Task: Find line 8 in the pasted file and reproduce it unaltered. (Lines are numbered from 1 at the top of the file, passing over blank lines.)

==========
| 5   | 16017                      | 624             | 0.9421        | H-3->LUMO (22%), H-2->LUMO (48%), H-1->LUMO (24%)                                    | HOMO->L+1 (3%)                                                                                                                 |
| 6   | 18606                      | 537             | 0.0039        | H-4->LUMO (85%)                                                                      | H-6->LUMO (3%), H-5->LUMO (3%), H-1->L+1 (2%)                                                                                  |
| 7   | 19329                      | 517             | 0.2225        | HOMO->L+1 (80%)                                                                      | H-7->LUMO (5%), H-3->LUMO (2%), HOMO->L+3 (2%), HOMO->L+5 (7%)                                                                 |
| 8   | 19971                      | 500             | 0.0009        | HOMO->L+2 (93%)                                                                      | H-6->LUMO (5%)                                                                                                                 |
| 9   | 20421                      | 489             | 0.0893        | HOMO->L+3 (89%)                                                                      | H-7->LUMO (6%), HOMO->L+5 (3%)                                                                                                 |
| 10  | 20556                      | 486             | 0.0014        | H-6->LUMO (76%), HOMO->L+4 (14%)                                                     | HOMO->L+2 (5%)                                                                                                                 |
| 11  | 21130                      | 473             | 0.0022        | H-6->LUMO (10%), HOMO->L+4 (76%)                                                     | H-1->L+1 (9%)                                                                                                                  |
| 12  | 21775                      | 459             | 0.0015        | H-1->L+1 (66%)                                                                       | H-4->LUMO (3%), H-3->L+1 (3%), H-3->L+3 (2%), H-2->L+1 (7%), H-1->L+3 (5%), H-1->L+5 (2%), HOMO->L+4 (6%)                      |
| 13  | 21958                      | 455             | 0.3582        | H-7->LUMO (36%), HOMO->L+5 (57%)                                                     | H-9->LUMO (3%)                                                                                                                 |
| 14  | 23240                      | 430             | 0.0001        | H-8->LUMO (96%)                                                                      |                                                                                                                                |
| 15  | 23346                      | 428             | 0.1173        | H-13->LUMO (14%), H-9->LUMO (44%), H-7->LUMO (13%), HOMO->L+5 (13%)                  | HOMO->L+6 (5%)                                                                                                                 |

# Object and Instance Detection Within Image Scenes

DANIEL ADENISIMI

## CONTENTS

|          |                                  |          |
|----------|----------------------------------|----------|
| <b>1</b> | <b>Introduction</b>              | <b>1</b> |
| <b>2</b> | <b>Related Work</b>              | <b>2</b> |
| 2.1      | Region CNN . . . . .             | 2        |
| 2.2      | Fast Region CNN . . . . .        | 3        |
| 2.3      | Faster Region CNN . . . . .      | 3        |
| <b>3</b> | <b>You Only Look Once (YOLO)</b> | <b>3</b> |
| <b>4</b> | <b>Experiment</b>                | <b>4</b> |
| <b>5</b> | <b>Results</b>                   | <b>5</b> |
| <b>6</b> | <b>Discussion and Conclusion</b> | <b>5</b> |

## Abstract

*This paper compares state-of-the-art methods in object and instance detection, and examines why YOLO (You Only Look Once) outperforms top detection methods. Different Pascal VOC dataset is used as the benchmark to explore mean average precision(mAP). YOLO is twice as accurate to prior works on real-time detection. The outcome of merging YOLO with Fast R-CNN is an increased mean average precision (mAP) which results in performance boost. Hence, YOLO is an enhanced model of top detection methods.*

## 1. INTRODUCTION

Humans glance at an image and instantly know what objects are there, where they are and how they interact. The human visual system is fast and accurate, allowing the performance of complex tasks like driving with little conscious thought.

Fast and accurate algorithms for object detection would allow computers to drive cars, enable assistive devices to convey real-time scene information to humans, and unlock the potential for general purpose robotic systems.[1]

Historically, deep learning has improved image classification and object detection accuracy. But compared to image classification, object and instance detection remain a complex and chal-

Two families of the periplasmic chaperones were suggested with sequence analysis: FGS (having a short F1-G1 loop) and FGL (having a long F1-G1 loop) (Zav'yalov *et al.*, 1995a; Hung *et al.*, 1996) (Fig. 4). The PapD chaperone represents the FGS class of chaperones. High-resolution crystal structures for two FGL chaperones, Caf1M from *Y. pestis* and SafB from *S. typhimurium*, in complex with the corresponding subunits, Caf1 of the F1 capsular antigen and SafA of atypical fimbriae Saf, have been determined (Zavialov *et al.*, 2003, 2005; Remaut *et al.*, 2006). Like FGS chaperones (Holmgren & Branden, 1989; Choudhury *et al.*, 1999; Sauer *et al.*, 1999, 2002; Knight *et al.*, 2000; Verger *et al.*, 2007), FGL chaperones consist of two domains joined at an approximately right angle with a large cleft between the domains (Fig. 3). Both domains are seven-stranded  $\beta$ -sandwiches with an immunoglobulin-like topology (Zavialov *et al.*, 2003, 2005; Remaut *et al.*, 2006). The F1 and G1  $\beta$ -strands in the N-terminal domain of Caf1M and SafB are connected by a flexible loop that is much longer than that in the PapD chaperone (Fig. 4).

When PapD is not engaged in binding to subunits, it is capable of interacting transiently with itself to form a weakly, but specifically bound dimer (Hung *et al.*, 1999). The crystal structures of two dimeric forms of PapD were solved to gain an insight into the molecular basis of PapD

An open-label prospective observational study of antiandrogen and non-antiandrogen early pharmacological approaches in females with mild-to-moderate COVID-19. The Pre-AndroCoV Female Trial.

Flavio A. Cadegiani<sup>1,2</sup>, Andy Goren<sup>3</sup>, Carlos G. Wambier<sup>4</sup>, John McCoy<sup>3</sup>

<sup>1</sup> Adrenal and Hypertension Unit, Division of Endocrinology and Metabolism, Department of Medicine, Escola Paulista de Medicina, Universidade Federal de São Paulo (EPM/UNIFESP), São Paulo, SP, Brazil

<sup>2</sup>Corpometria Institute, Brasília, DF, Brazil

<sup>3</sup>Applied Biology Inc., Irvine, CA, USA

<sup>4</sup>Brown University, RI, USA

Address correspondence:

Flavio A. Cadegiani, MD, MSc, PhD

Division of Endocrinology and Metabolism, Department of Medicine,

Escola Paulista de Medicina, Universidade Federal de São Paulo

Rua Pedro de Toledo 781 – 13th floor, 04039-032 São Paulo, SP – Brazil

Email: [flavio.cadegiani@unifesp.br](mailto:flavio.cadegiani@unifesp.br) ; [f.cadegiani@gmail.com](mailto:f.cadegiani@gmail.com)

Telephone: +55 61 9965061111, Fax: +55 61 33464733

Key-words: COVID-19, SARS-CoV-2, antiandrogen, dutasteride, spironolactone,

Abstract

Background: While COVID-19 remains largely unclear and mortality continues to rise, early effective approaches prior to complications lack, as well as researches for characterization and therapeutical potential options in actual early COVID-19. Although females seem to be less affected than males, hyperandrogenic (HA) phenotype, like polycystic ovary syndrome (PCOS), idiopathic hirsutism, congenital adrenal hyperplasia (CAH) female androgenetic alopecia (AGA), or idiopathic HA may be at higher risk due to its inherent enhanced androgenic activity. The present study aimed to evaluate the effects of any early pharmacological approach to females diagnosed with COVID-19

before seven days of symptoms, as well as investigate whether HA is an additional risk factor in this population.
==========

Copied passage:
| 12  | 21775                      | 459             | 0.0015        | H-1->L+1 (66%)                                                                       | H-4->LUMO (3%), H-3->L+1 (3%), H-3->L+3 (2%), H-2->L+1 (7%), H-1->L+3 (5%), H-1->L+5 (2%), HOMO->L+4 (6%)                      |